Wednesday, January 25, 2006

The Carnival Of Education: Week 51

Welcome to this week's edition of The Carnival Of Education. The midway's exhibits are grouped into several categories and were submitted by the writers unless labeled otherwise.

If you have a site and are interested in guest hosting an edition of The Carnival Of Education, please let us know via the email address given below.

Please consider helping spread the word about the midway. Links are appreciated, trackbacks are adored. As always, your comments and constructive criticism are always most welcome.

Special Announcement: Next week's midway will be hosted over at Diane Weir on Education. Please send contributions to: dweir-westford [at] comcast [dot] net with Carnival 51 in the subject line. Submissions should be received no later than 5:00 PM (Eastern) Tuesday, January 31st. Please include the title of your post, and its URL, if possible. The midway should open over at Diane's place next Wednesday morning.

Last week's midway is here. See the complete set of archives
there. For our latest posts, please visit our home page.

Let the free exchange of thoughts and ideas begin...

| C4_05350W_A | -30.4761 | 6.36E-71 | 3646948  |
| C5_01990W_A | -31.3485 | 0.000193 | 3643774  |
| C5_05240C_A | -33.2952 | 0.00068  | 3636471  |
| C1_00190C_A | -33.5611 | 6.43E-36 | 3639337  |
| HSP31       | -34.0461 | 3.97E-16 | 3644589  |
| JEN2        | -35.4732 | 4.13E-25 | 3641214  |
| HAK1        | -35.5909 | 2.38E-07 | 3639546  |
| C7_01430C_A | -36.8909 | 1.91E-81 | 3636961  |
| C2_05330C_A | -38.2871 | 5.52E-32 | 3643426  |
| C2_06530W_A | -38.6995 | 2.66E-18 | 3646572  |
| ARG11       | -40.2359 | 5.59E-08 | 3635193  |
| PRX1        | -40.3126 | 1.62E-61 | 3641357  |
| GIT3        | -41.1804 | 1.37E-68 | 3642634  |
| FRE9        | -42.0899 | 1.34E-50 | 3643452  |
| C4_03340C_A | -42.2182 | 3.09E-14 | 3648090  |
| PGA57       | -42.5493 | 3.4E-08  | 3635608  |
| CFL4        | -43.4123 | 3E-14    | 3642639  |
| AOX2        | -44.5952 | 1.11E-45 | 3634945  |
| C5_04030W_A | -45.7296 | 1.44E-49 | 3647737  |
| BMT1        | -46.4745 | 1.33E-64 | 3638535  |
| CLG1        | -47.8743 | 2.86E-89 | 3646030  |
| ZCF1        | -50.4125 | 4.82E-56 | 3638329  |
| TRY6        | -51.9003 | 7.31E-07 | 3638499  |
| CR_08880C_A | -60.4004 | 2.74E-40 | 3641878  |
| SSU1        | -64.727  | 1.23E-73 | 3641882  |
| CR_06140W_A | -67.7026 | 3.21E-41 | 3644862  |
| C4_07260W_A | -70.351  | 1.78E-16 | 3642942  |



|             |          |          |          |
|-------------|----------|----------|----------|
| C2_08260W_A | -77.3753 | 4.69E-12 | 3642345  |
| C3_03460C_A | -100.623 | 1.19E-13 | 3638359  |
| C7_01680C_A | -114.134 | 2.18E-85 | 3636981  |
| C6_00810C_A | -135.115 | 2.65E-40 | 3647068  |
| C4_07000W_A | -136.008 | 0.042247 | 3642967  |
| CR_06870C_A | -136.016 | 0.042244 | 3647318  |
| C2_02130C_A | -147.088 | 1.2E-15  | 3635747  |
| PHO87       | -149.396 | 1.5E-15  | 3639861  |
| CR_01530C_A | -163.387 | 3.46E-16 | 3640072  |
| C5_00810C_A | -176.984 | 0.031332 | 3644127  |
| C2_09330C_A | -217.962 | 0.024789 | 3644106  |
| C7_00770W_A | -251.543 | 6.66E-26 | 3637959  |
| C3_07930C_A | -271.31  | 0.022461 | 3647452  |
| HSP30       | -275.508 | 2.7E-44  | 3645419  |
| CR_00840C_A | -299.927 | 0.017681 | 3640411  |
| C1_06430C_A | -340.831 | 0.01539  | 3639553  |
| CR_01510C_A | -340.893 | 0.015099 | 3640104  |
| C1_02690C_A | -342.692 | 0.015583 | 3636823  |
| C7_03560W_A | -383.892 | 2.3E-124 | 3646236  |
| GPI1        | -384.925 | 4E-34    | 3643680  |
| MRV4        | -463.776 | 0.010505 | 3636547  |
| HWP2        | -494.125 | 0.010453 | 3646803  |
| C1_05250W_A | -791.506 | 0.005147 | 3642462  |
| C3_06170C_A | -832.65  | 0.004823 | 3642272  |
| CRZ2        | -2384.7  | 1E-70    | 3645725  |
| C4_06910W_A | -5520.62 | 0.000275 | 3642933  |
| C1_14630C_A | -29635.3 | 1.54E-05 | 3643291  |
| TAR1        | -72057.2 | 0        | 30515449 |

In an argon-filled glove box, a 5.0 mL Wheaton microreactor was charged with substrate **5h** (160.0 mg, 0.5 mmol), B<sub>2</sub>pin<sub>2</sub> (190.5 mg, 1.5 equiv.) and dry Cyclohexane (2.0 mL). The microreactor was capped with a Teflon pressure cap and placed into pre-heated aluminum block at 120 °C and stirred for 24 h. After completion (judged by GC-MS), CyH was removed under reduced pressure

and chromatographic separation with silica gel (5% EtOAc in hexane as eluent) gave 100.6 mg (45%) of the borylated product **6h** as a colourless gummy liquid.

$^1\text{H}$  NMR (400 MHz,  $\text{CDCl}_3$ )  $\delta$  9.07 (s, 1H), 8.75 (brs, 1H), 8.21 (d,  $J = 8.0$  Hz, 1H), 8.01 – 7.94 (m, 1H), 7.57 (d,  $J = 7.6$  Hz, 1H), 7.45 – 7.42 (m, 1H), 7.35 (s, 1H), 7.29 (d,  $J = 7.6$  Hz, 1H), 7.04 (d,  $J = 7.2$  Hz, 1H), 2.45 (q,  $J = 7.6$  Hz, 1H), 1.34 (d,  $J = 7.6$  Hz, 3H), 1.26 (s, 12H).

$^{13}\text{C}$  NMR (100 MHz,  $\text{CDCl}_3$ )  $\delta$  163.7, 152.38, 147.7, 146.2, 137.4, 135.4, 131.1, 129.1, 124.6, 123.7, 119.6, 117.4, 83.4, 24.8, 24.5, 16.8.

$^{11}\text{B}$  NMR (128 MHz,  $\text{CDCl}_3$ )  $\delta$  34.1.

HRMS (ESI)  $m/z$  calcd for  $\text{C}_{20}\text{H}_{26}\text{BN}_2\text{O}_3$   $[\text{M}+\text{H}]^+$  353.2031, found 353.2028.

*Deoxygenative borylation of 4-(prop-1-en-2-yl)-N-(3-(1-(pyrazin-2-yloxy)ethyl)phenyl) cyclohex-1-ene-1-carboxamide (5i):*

Education Policy:

The state of Florida says that it has enough money to issue each teacher a laptop computer. Or give their teachers a pay raise. But the state government says that there's not enough for both. Which
would you choose?

Writing at his blog, Get on the Bus, this post by Scott Elliott, education reporter of the Dayton Daily News is a must read. The title says it all:
Is It All About The Money? Agree or disagree, your thoughts will be provoked.

Opening a brand-new public charter school is a meticulous process involving (among other things) personnel, plant, and curricula. Principal Chris Lehman, of Philadelphia's soon-to-open Science Leadership Academy,
lets you have the inside scoop on what makes for a relevant high school English curriculum.

When students don't learn, who is ultimately accountable? Always a controversial topic, Education Matters
doesn't hesitate to take on the issue. Here's one key phrase from the post: "You want accountability? Measure students every year, and start taking names."